With industry interest reawakened by recent deepwater, sub-salt gas finds offshore Israel, the eastern Mediterranean and Levantine Basin today loom large on the frontier exploration agenda. Offshore Cyprus and Lebanon are huge unexplored areas in the eastern Mediterranean. This deepwater area is close to proven offshore hydrocarbon provinces in the Nile Delta and Israel. Until recently, shallow post-salt targets have been the main focus in these areas; however, with recent advances in seismic technology sub-salt plays have been revealed. The recent deepwater, sub-salt gas discoveries offshore Israel have significantly increased industry interest in the eastern Mediterranean and particularly the Levantine Basin. High quality Lower Miocene reservoir sands were discovered in both the Tamar and Dalit wells (Figure 1). Analogues to the drilled structures offshore Israel can be found both offshore Cyprus and Lebanon which may prove to be a new province for oil and gas in the next few years.
When the Republic of Cyprus arranged its first licensing round in 2007, Noble Energy was awarded block 12. The second licence round, scheduled to open this year, will include all the remaining open exploration blocks covering a huge unexplored area. Petroleum Geo-Services (PGS) has provided the Cyprus commerce, industry & tourism ministry with a dense 2D coverage over the exploration blocks, and one 3D survey. The data covers an offshore area of more than 50,000km2 and forms the basis for a geological report, with interpretation and assessment of the variety of plays in the Herodotus Basin, the Eratosthenes Continental Block, the Cyprus Arc Basin and the Levantine Basin.
The Republic of Lebanon is preparing for its first offshore licensing round and anticipates an announcement this year. It is offering oil and gas companies more than 25,000km2 of highly prospective acreage located north of the oil and gas producing areas of Gaza and Israel. The offshore area is covered by extensive 2D – an extension of the recent 2D dual-sensor (GeoStreamer) survey offshore Cyprus – as well as by 3D seismic data. The data reveals several attractive hydrocarbon plays where the primary focus would be in the Miocene sub-salt plays, the Jurassic/Cretaceous horst blocks and Miocene stratigraphic pinch-outs.
The recent 2D seismic data was acquired with the GeoStreamer which differs from a conventional streamer in that it has two recording sensors. A pressure sensor in a conventional towed streamer always records two wavefields that interfere with each other. The two wavefields are the up-going pressure wavefield propagating directly to the pressure sensor from the earth below and the down-going pressure wavefield reflected downwards from the free (sea) surface immediately above the streamer. Thus, every recorded reflection wavelet from conventional marine streamers is accompanied by a ghost reflection from the ocean’s surface.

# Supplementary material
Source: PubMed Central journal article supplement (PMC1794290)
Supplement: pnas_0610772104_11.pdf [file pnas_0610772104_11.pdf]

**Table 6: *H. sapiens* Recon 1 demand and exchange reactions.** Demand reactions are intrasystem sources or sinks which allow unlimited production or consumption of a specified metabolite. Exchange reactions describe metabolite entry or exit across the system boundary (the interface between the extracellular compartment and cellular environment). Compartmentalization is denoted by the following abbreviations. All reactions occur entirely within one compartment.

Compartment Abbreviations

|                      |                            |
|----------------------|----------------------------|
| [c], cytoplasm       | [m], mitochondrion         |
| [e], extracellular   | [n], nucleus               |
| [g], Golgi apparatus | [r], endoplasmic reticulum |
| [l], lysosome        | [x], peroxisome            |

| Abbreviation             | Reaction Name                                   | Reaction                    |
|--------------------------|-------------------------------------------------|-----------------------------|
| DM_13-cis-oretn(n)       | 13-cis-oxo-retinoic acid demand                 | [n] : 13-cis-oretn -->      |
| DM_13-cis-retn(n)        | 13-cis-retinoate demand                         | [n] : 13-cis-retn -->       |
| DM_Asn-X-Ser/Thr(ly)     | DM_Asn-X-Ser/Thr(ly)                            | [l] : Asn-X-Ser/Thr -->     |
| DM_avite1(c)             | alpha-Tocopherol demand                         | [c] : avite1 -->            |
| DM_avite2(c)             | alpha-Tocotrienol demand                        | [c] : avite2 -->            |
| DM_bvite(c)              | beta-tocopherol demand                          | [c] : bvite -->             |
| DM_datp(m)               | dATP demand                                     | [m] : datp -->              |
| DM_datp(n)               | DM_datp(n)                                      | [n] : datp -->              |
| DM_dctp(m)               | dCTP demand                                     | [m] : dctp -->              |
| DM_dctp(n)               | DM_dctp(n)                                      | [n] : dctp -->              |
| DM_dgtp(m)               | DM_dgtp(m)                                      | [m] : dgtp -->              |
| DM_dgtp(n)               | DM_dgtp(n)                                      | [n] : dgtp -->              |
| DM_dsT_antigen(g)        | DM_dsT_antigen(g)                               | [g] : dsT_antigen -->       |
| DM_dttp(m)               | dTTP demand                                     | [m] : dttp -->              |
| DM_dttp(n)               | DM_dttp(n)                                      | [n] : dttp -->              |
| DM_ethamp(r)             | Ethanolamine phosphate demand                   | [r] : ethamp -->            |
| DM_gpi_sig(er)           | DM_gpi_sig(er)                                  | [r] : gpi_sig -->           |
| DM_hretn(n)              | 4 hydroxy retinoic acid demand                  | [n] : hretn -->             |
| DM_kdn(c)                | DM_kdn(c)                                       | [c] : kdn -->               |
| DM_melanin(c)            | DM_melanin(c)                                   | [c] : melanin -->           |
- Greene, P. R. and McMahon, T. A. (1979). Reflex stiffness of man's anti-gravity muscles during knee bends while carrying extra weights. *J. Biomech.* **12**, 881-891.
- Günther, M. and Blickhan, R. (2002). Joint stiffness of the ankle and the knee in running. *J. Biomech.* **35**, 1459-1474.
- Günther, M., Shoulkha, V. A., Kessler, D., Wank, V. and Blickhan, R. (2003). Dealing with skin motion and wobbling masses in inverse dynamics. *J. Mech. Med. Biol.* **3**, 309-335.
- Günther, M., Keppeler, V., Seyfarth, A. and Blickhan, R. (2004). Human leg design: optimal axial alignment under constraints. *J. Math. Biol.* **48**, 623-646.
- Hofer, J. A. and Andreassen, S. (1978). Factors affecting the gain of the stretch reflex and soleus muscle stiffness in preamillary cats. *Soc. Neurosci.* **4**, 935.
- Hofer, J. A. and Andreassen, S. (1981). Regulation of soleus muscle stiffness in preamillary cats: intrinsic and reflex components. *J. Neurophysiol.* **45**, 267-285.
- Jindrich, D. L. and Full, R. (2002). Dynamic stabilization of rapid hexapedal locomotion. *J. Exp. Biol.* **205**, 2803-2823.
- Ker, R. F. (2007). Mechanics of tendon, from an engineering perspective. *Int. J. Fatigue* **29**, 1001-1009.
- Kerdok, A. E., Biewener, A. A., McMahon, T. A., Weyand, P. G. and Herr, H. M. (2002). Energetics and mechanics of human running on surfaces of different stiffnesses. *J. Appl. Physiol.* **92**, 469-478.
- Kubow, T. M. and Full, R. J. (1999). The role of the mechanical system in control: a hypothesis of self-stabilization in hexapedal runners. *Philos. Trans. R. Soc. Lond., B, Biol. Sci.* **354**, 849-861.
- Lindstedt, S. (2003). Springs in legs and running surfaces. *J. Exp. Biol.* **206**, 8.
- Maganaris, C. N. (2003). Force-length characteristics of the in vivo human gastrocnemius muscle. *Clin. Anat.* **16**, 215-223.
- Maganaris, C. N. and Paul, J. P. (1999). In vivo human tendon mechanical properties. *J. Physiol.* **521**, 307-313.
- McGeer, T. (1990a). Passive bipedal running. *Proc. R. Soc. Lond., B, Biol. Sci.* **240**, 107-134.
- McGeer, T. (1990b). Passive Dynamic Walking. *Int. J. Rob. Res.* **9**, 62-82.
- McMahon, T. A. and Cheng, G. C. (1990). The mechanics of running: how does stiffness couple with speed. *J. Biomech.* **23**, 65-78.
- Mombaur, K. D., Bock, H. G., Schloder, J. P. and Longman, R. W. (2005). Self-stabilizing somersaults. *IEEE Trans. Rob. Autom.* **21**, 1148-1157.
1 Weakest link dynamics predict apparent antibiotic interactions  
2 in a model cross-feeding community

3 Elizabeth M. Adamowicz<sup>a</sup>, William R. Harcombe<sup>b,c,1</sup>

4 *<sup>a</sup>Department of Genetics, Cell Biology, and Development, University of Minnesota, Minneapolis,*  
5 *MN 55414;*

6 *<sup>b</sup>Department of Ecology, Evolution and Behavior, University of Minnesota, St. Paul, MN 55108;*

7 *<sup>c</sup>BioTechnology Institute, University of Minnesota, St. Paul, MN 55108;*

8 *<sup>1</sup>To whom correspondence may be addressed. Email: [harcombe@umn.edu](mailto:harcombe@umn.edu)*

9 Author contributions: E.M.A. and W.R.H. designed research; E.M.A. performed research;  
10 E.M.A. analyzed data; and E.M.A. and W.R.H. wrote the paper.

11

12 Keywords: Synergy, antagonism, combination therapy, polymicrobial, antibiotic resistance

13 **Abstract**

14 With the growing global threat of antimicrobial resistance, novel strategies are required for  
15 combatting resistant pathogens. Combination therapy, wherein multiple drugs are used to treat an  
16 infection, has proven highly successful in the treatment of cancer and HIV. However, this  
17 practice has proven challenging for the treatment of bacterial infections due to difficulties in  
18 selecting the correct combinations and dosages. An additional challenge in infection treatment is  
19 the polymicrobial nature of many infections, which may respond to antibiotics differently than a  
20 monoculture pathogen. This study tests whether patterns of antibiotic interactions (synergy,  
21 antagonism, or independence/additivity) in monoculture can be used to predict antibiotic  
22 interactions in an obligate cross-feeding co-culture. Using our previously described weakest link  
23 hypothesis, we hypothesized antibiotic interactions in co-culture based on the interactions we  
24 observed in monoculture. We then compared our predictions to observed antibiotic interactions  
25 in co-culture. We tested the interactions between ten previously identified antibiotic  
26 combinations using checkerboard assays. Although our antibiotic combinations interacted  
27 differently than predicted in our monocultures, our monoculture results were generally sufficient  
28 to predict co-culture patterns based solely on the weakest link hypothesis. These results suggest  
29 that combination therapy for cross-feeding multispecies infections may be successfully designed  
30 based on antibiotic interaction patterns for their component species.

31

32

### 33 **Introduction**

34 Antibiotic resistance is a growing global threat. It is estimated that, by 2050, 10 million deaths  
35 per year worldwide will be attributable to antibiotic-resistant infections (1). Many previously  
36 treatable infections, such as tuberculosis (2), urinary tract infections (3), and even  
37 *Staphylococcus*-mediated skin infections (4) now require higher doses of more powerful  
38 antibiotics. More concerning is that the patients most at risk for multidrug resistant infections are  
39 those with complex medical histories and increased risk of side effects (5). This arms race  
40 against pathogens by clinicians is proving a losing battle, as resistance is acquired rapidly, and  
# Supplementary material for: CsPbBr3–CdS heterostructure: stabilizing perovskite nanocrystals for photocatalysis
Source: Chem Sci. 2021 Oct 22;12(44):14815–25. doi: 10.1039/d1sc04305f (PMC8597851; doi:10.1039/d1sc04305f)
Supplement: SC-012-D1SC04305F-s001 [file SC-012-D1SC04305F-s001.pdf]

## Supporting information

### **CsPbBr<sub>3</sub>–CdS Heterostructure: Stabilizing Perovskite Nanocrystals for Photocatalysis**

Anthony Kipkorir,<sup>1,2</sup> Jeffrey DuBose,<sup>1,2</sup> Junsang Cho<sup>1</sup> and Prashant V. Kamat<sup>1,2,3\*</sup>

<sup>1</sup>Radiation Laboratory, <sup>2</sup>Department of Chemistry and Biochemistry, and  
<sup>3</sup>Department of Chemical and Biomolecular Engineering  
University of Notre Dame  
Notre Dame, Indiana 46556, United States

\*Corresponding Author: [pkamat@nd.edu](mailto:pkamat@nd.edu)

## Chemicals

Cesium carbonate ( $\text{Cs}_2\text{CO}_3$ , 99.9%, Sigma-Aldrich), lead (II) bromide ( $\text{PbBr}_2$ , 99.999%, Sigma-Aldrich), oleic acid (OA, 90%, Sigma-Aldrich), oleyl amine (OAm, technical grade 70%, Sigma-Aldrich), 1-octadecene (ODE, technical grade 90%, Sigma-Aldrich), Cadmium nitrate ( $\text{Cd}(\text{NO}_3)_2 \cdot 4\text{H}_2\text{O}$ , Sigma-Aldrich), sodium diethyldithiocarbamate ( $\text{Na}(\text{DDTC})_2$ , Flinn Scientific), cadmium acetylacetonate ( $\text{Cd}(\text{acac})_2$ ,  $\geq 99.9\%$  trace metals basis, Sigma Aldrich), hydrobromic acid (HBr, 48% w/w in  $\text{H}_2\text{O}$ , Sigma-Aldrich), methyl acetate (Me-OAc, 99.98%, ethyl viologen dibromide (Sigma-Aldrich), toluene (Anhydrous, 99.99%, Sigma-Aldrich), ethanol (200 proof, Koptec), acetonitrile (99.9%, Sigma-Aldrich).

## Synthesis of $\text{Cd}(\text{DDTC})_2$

The PGS dual-sensor streamer (GeoStreamer) measures both the pressure wave field using hydrophones, and the vertical component of the particle velocity using motion sensors. By combining the data from the two sensors the energy can be separated into up- and down-going parts (Carlson et al, 2007). By considering only the up-going wavefield, the effect of the ghost reflections from the sea surface is removed. When the ghost reflections are removed, the resulting spectrum is flat and broadband thus enabling the user to optimize the data quality, not just for one target depth, but for all depths shallow to deep.
The dual-sensor streamer was towed deep to increase the energy level on the low frequencies and still keep the desired content of high frequencies. The deep tow ensured a quiet environment which, combined with the enhanced low frequency signal, significantly increased the signal-to-noise ratio of the seismic data. Based on experience of the operations in the eastern Mediterranean, the dual-sensor streamer benefits have been seen in three key areas: enhanced resolution of the seismic image both shallow and deep, due to a broader frequency spectrum; better signal penetration revealing sub-salt and deeper targets, which have been valuable for the interpretation; and improved seismic operational efficiency due to less weather down-time.